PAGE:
I daresay the ‘snake’ element of Doctor Forrest – which extends from the novel’s front-cover, through an evil-looking tattoo on Robert Forrest’s bicep, to a bracelet that bears a charm of the medical symbol of the Asclepius – was also somewhat inspired by Mishima. Sometimes, to paraphrase Dr Freud, a snake is just a snake. But more commonly and problematically a snake tends to be a thousand other things, sometimes simultaneously. The serpent is the symbol to end all symbols, is it not?
Towards the end of his life Mishima was wont to refer to the uroborus, the ancient occult symbol of the serpent coiled around the Earth and devouring its own tail, ‘a ring vaster than death’, ‘vanquishing all polarities.’ Is this the same reptile that seems to haunt The Temple of Dawn, volume III of The Sea of Fertility? One does get that feeling.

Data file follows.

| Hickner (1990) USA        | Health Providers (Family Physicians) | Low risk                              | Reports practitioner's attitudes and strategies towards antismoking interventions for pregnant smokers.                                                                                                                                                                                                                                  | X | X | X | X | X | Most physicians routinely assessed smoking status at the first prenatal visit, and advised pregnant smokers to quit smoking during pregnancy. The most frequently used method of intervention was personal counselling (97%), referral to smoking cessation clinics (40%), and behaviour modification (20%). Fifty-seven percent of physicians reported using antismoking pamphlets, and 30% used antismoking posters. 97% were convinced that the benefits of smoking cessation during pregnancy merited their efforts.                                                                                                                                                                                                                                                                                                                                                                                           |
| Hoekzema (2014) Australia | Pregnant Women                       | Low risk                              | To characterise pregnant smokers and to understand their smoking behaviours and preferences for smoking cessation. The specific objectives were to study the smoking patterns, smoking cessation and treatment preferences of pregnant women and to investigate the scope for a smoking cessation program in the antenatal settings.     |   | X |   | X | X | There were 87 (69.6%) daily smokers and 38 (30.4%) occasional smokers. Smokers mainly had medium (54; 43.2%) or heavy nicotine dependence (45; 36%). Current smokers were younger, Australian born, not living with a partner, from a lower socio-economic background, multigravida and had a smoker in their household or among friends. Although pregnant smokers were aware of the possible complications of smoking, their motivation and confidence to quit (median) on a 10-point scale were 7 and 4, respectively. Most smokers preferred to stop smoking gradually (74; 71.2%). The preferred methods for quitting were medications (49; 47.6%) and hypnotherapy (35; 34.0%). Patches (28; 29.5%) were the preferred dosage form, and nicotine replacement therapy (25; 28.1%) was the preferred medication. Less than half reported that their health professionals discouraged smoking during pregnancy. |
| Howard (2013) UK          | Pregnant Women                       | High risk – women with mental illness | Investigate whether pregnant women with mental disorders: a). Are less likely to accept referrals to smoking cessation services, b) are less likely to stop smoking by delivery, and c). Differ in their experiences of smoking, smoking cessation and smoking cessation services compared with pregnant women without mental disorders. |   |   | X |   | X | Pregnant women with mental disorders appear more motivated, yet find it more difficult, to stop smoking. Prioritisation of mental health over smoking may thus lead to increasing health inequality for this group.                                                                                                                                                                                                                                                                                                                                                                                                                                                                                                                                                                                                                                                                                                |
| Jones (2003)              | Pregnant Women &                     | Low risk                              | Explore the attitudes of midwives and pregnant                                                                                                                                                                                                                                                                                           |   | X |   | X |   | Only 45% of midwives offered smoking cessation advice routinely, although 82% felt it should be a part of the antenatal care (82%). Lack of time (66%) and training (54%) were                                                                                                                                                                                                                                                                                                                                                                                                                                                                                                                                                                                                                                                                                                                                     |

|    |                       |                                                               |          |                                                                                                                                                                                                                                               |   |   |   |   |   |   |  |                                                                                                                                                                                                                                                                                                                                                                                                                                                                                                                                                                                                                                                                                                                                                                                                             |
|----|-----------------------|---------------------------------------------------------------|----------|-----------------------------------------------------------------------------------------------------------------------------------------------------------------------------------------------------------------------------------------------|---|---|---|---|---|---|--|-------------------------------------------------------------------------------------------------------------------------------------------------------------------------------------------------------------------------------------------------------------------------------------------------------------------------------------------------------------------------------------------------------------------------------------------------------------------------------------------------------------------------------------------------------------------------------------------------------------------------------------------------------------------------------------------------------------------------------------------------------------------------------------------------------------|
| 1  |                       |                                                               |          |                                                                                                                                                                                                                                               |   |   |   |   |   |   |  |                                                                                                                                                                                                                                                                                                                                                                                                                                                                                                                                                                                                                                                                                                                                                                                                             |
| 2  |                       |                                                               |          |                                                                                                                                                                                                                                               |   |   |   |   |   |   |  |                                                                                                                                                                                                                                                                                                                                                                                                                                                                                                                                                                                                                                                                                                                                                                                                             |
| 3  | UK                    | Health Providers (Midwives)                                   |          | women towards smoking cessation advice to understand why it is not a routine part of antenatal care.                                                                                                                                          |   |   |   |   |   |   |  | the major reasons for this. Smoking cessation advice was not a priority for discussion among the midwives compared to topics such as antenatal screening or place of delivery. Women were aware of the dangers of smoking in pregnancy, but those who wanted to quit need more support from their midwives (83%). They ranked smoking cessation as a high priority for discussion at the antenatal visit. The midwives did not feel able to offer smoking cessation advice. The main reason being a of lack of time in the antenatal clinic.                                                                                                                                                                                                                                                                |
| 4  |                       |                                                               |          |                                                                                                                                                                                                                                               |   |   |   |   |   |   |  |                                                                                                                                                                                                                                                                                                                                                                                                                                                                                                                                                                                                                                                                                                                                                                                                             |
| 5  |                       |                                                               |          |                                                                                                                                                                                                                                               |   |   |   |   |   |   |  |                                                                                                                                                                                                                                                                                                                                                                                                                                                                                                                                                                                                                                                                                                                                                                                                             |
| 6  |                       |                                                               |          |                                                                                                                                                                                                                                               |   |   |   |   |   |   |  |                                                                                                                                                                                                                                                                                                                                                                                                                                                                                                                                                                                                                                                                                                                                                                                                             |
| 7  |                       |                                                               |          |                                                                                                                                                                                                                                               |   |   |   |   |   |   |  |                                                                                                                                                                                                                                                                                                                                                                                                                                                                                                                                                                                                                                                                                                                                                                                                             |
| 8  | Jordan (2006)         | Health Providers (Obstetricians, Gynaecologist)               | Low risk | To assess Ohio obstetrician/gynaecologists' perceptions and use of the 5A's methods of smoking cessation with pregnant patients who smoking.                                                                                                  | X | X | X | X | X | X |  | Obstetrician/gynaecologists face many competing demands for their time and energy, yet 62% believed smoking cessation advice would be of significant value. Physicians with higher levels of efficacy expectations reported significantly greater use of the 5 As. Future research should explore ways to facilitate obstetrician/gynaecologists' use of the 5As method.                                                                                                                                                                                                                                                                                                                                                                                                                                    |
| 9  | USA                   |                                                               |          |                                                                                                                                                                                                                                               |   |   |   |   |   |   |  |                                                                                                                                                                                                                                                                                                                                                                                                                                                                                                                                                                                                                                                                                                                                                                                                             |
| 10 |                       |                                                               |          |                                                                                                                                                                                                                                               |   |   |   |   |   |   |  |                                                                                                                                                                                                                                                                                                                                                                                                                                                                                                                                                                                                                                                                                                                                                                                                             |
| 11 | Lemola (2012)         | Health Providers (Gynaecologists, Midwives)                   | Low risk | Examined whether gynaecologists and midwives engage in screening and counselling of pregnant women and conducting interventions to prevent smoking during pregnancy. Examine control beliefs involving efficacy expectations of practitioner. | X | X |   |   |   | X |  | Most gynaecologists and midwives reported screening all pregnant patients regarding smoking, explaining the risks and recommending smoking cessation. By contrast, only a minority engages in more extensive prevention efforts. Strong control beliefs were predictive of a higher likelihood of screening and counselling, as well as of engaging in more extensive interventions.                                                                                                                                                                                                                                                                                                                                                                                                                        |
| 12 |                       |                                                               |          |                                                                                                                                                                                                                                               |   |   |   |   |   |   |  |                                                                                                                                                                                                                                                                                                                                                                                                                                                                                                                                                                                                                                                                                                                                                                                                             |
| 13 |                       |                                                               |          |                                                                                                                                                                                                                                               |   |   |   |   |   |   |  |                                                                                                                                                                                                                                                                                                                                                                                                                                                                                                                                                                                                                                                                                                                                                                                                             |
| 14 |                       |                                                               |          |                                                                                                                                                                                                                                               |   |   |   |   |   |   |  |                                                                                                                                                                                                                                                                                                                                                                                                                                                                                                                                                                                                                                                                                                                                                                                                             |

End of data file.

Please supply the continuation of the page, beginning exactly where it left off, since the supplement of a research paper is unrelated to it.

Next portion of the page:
A few months before his suicide in November 1970 Mishima told his English biographer Henry Scott Stokes that Japan, beset by money and materialism and ‘ugliness’, was under the curse of ‘the green snake.’ (One can imagine Mishima saying it in his excellent if inflected English: ‘green’ sounding like two syllables, ‘snake’ with a slight sibilance.) Scott Stokes was evidently troubled by Mishima’s language, and for all that Mishima was a considerable showman with a devotion to provoking nervous laughter, it seems fair to assume – since he was dead within a matter of weeks – that this cosmic despair was unfeigned.
You can hear him for yourself in these clips.